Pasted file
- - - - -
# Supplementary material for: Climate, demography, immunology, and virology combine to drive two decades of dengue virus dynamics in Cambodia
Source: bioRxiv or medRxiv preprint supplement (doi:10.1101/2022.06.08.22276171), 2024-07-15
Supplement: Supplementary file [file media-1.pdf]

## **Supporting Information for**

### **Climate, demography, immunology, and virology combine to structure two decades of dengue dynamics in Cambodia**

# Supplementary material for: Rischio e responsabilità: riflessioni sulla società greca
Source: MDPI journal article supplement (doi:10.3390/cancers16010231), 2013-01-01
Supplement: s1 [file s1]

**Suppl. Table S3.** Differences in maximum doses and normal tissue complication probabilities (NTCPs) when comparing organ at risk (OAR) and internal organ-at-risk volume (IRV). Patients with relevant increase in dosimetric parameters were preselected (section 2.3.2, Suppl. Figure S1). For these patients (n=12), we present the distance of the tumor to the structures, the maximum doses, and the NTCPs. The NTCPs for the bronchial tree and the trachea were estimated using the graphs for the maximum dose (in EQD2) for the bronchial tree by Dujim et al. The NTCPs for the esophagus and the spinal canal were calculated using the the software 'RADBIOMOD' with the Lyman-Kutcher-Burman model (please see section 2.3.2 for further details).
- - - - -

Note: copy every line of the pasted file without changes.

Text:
# Supplementary material for: Climate, demography, immunology, and virology combine to drive two decades of dengue virus dynamics in Cambodia
Source: bioRxiv or medRxiv preprint supplement (doi:10.1101/2022.06.08.22276171), 2024-07-15
Supplement: Supplementary file [file media-1.pdf]

## **Supporting Information for**

### **Climate, demography, immunology, and virology combine to structure two decades of dengue dynamics in Cambodia**

# Supplementary material for: Rischio e responsabilità: riflessioni sulla società greca
Source: MDPI journal article supplement (doi:10.3390/cancers16010231), 2013-01-01
Supplement: s1 [file s1]

**Suppl. Table S3.** Differences in maximum doses and normal tissue complication probabilities (NTCPs) when comparing organ at risk (OAR) and internal organ-at-risk volume (IRV). Patients with relevant increase in dosimetric parameters were preselected (section 2.3.2, Suppl. Figure S1). For these patients (n=12), we present the distance of the tumor to the structures, the maximum doses, and the NTCPs. The NTCPs for the bronchial tree and the trachea were estimated using the graphs for the maximum dose (in EQD2) for the bronchial tree by Dujim et al. The NTCPs for the esophagus and the spinal canal were calculated using the the software 'RADBIOMOD' with the Lyman-Kutcher-Burman model (please see section 2.3.2 for further details).